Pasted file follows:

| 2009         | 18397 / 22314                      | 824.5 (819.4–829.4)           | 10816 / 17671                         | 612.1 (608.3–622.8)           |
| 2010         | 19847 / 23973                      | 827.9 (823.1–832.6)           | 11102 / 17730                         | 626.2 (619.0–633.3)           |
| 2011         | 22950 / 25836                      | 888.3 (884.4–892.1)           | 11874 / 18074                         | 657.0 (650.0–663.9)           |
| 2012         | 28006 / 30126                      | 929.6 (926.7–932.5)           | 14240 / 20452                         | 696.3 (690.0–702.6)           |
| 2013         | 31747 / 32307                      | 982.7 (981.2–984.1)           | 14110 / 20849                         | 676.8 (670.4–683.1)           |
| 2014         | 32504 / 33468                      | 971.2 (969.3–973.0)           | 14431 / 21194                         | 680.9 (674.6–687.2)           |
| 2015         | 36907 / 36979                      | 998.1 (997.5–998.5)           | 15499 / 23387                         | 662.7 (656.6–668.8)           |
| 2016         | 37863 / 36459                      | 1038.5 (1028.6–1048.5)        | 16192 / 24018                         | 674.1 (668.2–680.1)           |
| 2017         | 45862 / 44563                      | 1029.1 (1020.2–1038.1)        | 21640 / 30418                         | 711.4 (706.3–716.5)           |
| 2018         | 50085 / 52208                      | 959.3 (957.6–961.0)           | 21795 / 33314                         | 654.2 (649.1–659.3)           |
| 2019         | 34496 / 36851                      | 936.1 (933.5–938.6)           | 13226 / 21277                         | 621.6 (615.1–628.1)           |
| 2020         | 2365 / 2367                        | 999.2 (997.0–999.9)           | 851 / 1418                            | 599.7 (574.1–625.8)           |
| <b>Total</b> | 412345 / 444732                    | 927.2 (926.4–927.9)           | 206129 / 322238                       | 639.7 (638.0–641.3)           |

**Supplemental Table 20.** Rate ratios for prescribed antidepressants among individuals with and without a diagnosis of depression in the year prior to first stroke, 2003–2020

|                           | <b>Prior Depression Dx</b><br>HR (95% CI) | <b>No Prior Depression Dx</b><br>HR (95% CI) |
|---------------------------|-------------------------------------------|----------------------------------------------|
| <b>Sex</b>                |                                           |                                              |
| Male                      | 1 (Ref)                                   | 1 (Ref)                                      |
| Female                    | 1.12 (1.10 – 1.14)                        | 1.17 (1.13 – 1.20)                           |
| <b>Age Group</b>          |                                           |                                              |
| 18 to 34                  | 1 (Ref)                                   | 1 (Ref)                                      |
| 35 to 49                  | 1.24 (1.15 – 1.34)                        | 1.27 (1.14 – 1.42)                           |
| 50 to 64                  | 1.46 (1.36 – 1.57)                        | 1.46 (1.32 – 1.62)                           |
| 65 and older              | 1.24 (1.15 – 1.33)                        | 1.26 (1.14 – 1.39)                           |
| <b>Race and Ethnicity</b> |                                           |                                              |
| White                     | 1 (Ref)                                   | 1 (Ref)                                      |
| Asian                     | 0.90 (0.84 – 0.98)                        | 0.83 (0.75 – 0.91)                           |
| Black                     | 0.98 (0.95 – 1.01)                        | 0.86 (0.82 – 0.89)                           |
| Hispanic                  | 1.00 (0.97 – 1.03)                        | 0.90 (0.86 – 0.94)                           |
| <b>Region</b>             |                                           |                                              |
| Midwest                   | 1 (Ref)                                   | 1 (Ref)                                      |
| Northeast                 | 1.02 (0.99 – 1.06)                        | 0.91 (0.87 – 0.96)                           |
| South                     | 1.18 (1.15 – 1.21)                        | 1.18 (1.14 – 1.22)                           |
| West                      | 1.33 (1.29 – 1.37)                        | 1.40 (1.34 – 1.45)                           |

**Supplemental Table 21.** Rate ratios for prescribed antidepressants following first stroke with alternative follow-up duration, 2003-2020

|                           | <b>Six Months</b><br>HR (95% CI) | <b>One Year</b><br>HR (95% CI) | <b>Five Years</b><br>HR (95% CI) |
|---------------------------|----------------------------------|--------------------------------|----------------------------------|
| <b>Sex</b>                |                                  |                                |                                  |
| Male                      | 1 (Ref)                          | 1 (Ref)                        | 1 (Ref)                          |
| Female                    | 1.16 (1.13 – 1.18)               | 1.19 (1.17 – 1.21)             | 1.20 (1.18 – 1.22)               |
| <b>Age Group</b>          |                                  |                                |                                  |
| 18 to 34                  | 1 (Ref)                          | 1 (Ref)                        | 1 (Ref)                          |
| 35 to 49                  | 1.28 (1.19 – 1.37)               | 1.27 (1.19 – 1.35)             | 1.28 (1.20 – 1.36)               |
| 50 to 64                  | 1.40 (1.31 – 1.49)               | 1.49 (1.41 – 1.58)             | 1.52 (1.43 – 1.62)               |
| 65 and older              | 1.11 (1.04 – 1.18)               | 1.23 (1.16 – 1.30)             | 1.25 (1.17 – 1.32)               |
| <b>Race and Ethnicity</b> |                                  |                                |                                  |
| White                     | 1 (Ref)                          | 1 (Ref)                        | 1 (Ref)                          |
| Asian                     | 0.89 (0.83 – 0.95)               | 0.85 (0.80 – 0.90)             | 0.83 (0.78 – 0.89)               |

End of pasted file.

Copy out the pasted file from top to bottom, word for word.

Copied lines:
| 2009         | 18397 / 22314                      | 824.5 (819.4–829.4)           | 10816 / 17671                         | 612.1 (608.3–622.8)           |
| 2010         | 19847 / 23973                      | 827.9 (823.1–832.6)           | 11102 / 17730                         | 626.2 (619.0–633.3)           |
| 2011         | 22950 / 25836                      | 888.3 (884.4–892.1)           | 11874 / 18074                         | 657.0 (650.0–663.9)           |
| 2012         | 28006 / 30126                      | 929.6 (926.7–932.5)           | 14240 / 20452                         | 696.3 (690.0–702.6)           |
| 2013         | 31747 / 32307                      | 982.7 (981.2–984.1)           | 14110 / 20849                         | 676.8 (670.4–683.1)           |
| 2014         | 32504 / 33468                      | 971.2 (969.3–973.0)           | 14431 / 21194                         | 680.9 (674.6–687.2)           |
| 2015         | 36907 / 36979                      | 998.1 (997.5–998.5)           | 15499 / 23387                         | 662.7 (656.6–668.8)           |
| 2016         | 37863 / 36459                      | 1038.5 (1028.6–1048.5)        | 16192 / 24018                         | 674.1 (668.2–680.1)           |
| 2017         | 45862 / 44563                      | 1029.1 (1020.2–1038.1)        | 21640 / 30418                         | 711.4 (706.3–716.5)           |
| 2018         | 50085 / 52208                      | 959.3 (957.6–961.0)           | 21795 / 33314                         | 654.2 (649.1–659.3)           |
| 2019         | 34496 / 36851                      | 936.1 (933.5–938.6)           | 13226 / 21277                         | 621.6 (615.1–628.1)           |
| 2020         | 2365 / 2367                        | 999.2 (997.0–999.9)           | 851 / 1418                            | 599.7 (574.1–625.8)           |
| <b>Total</b> | 412345 / 444732                    | 927.2 (926.4–927.9)           | 206129 / 322238                       | 639.7 (638.0–641.3)           |

**Supplemental Table 20.** Rate ratios for prescribed antidepressants among individuals with and without a diagnosis of depression in the year prior to first stroke, 2003–2020

|                           | <b>Prior Depression Dx</b><br>HR (95% CI) | <b>No Prior Depression Dx</b><br>HR (95% CI) |
|---------------------------|-------------------------------------------|----------------------------------------------|
| <b>Sex</b>                |                                           |                                              |
| Male                      | 1 (Ref)                                   | 1 (Ref)                                      |
| Female                    | 1.12 (1.10 – 1.14)                        | 1.17 (1.13 – 1.20)                           |
| <b>Age Group</b>          |                                           |                                              |
| 18 to 34                  | 1 (Ref)                                   | 1 (Ref)                                      |
| 35 to 49                  | 1.24 (1.15 – 1.34)                        | 1.27 (1.14 – 1.42)                           |
| 50 to 64                  | 1.46 (1.36 – 1.57)                        | 1.46 (1.32 – 1.62)                           |
| 65 and older              | 1.24 (1.15 – 1.33)                        | 1.26 (1.14 – 1.39)                           |
| <b>Race and Ethnicity</b> |                                           |                                              |
| White                     | 1 (Ref)                                   | 1 (Ref)                                      |
| Asian                     | 0.90 (0.84 – 0.98)                        | 0.83 (0.75 – 0.91)                           |
| Black                     | 0.98 (0.95 – 1.01)                        | 0.86 (0.82 – 0.89)                           |
| Hispanic                  | 1.00 (0.97 – 1.03)                        | 0.90 (0.86 – 0.94)                           |
| <b>Region</b>             |                                           |                                              |
| Midwest                   | 1 (Ref)                                   | 1 (Ref)                                      |
| Northeast                 | 1.02 (0.99 – 1.06)                        | 0.91 (0.87 – 0.96)                           |
| South                     | 1.18 (1.15 – 1.21)                        | 1.18 (1.14 – 1.22)                           |
| West                      | 1.33 (1.29 – 1.37)                        | 1.40 (1.34 – 1.45)                           |

**Supplemental Table 21.** Rate ratios for prescribed antidepressants following first stroke with alternative follow-up duration, 2003-2020

|                           | <b>Six Months</b><br>HR (95% CI) | <b>One Year</b><br>HR (95% CI) | <b>Five Years</b><br>HR (95% CI) |
|---------------------------|----------------------------------|--------------------------------|----------------------------------|
| <b>Sex</b>                |                                  |                                |                                  |
| Male                      | 1 (Ref)                          | 1 (Ref)                        | 1 (Ref)                          |
| Female                    | 1.16 (1.13 – 1.18)               | 1.19 (1.17 – 1.21)             | 1.20 (1.18 – 1.22)               |
| <b>Age Group</b>          |                                  |                                |                                  |
| 18 to 34                  | 1 (Ref)                          | 1 (Ref)                        | 1 (Ref)                          |
| 35 to 49                  | 1.28 (1.19 – 1.37)               | 1.27 (1.19 – 1.35)             | 1.28 (1.20 – 1.36)               |
| 50 to 64                  | 1.40 (1.31 – 1.49)               | 1.49 (1.41 – 1.58)             | 1.52 (1.43 – 1.62)               |
| 65 and older              | 1.11 (1.04 – 1.18)               | 1.23 (1.16 – 1.30)             | 1.25 (1.17 – 1.32)               |
| <b>Race and Ethnicity</b> |                                  |                                |                                  |
| White                     | 1 (Ref)                          | 1 (Ref)                        | 1 (Ref)                          |
| Asian                     | 0.89 (0.83 – 0.95)               | 0.85 (0.80 – 0.90)             | 0.83 (0.78 – 0.89)               |